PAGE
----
High Holy Days
Rosh Hashana – September 21 – 22, 2017
The Jewish Holiday of Rosh Hashanah is widely known and celebrated as the New Years Day of the Jewish calendar, but actually Rosh Hashanah has a fourfold meaning – It is the Jewish New Year, the Day of Judgment, the Day of Remembrance, and the Day of Shofar Blowing. Rosh Hashana is the beginning of the High Holy Days.
It is the Day of Judgment – As Jews worldwide examine their past deeds and asks for forgiveness for their sins.
It is the Day of Shofar Blowing – As the Shofar (the ram’s horn) is blown in temple to herald the beginning of the 10 day period known as the High Holy Days.
It is the Day of Remembrance – As Jews review the history of their people and pray for Israel.
And of course it is New Year’s Day – Celebrated with it’s holiday greeting cards, special prayers, and festive and sweet foods (to ensure sweetness in the New Year.
Rosh Hashanah is observed the first and second day of the seventh month of the Jewish calendar, Tishri. Coming in the Fall season of the western calendar, usually in September.
In Israel Rosh Hashanah is the only holiday kept for 2 days as it is considered too important to be observed for only 24 hours. Both days are considered one long day of 48 hours.
The traditions of Rosh Hashanah are simple as the only commandment specified for the holiday is the blowing of the shofar. In temple the shofar is blown on Rosh Hashanah to herald the beginning of the period known as the High Holy Days. It is believed that on Rosh Hashanah the destiny of all mankind is recorded by God in the Book of Life. After Rosh Hashanah services, as the congregants leave the synagogue they say to each other… “May you be inscribed in the Book of Life”
On the first day of Rosh Hashanah, after the afternoon services, Jews visit a body of water or pond, containing live fish, to symbolically “cast away” their sins into the river. The fish’s dependence on water symbolizes the Jews dependence on God, as a fish’s eyes never close, God’s watchful eyes never cease.
On Rosh Hashanah it is customary for families to gather together for the holiday meal. Traditional foods sweetened with honey, apples and carrots are served, symbolizing sweetness, blessings, abundance and the hope for a sweet year ahead.
The first night’s meal begins with apple dipped in honey. Challah, the bread usually eaten on the Sabbath (not braided as at regular meals but instead baked in a circle – a wish that the coming year will roll around smoothly without unhappiness or sorrow) is also dipped in honey before eating.
Yom Kippur – September 30, 2107
Yom Kippur, the Day of Atonement, is the most sacred of the Jewish holidays, the “Sabbath of Sabbaths and the end of the High Holy Days.
By Yom Kippur the 40 days of repentance, that begin with the first of Elul, have passed. On Rosh Hashanah God has judged most of mankind and has recorded his judgment in the Book of Life. But he has given a 10 day reprieve. On Yom Kippur the Book of Life is closed and sealed. Those that have repented for their sins are granted a good and happy New Year.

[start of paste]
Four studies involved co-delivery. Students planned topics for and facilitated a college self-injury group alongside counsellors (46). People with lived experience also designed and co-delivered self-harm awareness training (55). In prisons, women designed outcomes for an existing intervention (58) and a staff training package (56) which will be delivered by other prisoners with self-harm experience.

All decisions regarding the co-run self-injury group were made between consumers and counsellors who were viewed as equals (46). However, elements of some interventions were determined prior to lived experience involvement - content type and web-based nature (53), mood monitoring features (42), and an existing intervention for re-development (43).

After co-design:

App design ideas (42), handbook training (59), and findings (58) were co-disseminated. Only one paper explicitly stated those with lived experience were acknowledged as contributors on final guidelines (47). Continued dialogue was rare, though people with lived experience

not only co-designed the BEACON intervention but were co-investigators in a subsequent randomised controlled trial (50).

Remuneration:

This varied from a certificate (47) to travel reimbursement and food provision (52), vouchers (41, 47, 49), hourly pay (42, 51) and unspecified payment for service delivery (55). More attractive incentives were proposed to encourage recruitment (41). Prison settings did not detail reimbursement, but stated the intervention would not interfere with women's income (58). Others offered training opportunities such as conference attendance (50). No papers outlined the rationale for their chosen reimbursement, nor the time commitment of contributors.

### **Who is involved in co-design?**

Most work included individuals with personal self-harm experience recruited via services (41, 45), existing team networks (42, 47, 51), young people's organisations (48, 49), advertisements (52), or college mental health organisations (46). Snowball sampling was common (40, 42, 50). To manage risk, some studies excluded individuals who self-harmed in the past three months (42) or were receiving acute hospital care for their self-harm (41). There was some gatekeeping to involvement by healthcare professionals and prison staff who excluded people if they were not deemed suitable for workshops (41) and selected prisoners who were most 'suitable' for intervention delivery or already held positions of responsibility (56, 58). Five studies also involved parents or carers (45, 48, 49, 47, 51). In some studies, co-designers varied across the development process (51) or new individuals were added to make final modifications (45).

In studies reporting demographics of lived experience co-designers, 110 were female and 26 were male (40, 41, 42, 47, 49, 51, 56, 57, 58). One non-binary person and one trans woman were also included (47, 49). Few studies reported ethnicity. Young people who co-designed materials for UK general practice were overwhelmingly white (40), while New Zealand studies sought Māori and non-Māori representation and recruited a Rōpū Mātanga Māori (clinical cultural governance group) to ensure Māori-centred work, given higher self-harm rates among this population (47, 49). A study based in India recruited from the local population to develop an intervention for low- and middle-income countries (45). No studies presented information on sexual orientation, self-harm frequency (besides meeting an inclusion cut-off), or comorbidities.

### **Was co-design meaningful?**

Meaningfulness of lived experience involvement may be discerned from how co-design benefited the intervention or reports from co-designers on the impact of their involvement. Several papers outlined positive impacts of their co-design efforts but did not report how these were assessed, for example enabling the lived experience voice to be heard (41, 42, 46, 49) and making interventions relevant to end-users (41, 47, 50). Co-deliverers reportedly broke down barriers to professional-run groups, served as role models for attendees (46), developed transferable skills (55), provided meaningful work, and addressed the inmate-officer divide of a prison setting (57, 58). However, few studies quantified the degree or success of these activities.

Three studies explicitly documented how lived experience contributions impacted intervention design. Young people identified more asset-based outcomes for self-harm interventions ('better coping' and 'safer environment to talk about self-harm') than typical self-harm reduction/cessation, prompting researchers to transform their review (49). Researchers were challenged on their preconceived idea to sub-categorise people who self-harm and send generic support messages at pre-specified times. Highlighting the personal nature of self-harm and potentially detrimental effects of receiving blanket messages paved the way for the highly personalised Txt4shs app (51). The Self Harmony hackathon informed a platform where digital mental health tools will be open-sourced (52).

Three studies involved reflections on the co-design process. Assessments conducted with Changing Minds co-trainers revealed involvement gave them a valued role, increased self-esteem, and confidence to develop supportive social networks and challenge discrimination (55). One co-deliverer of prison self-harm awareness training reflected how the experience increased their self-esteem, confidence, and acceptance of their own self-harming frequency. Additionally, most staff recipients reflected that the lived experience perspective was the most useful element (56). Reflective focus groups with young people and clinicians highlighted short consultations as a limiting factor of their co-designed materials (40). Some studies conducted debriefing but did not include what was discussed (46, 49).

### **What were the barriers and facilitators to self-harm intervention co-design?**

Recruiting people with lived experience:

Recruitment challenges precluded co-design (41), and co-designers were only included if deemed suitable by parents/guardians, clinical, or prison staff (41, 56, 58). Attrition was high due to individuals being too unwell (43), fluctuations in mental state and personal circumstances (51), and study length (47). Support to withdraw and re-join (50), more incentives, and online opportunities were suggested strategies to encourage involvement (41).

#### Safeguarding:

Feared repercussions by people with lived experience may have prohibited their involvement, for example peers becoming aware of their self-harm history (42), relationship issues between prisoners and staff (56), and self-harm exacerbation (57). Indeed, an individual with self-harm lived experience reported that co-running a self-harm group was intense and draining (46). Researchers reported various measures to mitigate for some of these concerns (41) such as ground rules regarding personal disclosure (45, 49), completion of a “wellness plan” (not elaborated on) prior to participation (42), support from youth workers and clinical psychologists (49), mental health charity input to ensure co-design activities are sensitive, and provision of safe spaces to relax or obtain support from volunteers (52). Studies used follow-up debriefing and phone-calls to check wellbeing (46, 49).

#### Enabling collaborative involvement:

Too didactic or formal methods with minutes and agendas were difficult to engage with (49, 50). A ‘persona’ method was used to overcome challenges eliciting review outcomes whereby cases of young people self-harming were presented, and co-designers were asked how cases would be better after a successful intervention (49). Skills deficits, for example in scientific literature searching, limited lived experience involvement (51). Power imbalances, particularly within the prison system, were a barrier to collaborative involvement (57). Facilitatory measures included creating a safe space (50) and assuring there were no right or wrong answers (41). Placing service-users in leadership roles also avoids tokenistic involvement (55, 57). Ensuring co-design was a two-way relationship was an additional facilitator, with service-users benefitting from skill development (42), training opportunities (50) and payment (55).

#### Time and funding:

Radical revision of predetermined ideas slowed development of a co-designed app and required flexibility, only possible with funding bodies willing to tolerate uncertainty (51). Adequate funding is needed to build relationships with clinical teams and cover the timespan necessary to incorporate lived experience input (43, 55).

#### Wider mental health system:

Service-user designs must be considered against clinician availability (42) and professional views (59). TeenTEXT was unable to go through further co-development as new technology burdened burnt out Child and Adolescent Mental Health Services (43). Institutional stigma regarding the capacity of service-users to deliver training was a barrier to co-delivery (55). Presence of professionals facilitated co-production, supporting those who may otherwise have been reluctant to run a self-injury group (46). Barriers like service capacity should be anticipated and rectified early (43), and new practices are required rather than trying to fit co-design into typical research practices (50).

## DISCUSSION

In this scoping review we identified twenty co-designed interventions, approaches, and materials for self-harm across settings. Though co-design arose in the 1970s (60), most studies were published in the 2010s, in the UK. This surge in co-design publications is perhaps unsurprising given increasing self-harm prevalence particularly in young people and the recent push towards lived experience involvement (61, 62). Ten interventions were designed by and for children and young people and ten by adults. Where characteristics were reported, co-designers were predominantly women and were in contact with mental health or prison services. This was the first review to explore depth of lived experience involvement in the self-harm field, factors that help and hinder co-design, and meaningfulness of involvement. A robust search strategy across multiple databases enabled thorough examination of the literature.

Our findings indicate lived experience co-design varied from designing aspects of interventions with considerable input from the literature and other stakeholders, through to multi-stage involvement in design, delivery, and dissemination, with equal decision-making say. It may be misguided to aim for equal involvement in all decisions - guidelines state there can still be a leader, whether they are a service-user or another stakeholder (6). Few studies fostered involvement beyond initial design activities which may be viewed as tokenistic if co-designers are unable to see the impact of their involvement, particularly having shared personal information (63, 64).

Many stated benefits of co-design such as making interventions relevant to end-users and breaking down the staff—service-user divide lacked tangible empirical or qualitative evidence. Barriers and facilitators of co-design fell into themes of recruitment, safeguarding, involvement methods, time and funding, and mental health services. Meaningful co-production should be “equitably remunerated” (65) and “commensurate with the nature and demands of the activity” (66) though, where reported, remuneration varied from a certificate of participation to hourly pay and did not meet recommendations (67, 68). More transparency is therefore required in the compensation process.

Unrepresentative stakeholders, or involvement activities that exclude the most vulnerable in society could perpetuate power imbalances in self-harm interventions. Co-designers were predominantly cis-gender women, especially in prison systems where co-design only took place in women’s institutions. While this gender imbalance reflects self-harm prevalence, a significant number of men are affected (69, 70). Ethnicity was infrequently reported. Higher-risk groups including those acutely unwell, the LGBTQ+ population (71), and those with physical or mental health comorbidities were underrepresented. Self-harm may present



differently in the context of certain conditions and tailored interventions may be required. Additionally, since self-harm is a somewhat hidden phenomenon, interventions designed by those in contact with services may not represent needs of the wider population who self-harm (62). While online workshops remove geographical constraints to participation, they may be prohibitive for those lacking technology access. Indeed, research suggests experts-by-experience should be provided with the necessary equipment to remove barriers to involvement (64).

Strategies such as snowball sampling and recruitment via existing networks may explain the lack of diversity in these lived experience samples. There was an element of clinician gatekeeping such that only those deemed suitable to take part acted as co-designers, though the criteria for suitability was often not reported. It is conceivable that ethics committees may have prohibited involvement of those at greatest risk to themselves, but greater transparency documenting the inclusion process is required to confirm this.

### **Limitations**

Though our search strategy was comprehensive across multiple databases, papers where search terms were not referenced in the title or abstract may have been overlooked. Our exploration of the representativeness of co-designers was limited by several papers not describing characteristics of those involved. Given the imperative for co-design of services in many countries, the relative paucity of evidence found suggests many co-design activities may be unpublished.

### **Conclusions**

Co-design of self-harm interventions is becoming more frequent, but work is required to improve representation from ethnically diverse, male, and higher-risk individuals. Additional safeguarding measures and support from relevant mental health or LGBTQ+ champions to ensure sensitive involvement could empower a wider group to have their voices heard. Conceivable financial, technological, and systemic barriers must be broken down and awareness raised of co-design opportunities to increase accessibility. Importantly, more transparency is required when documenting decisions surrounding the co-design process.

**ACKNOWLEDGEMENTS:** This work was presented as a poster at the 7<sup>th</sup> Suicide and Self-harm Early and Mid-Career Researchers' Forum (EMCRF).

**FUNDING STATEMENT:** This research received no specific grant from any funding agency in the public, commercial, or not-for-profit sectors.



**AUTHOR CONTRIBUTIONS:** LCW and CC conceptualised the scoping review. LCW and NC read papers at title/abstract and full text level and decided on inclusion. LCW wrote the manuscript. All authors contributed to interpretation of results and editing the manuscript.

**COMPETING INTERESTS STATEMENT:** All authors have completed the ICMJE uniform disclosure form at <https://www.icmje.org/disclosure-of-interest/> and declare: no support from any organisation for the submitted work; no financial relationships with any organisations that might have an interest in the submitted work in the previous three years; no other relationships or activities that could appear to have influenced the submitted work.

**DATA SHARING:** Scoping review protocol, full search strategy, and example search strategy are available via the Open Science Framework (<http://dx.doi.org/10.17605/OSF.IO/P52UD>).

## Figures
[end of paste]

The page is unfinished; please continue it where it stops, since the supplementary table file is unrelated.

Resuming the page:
Since Yom Kippur is the day to ask forgiveness for promises broken to God, the day before is reserved for asking forgiveness for broken promises between people, as God cannot forgive broken promises between people.
Yom Kippur is a day of “NOT” doing. The is no blowing of the Shofar and Jews may not eat or drink, as fasting is the rule. It is believed that to fast on Yom Kippur is to emulate the angels in heaven, who do not eat, drink or wash.
The Five Prohibitions of Yom Kippur:
- Eating and drinking
- Anointing with perfumes or lotions
- Marital relations
- Wearing leather shoes
While Yom Kippur is devoted to fasting, the day before is devoted to eating. According to the Talmud the person “who eats on the ninth of Tishri (and fasts on the tenth), it is as if he had fasted both the ninth and tenth.” Prayer is also down played so that Jews can concentrate on eating and preparing for the fast.
On the eve of Yom Kippur the community joins at the synagogue. Men put on prayer shawls (not usually worn in the evenings). Then as the night falls the cantor begins the “Kol Nidre”, it is repeated 3 times, each time in a louder voice. The Kol Nidre emphasizes the importance in keeping vows, as violating an oath is one of the worst sins.
An important part of the Yom Kippur service is the “Vidui” (Viduy) or confession. The confessions serve to help reflect on ones misdeeds and to confess them verbally is part of the formal repentance in asking God’s forgiveness. Because community and unity are an important part of Jewish Life, the confessions are said in the plural (We are guilty).
As Yom Kippur ends, at the last hour a service called “Ne’ila” (Neilah) offers a final opportunity for repentance. It is the only service of the year during which the doors to the Ark (where the Torah scrolls are stored) remain open from the beginning to end of the service, signifying that the gates of Heaven are open at this time.
The service closes with the verse, said 7 times, “The Lord is our God.” The Shofar is sounded once and the congregation proclaim – “Next year in Jerusalem.”
Yom Kippur is over and the High Holy Days end.
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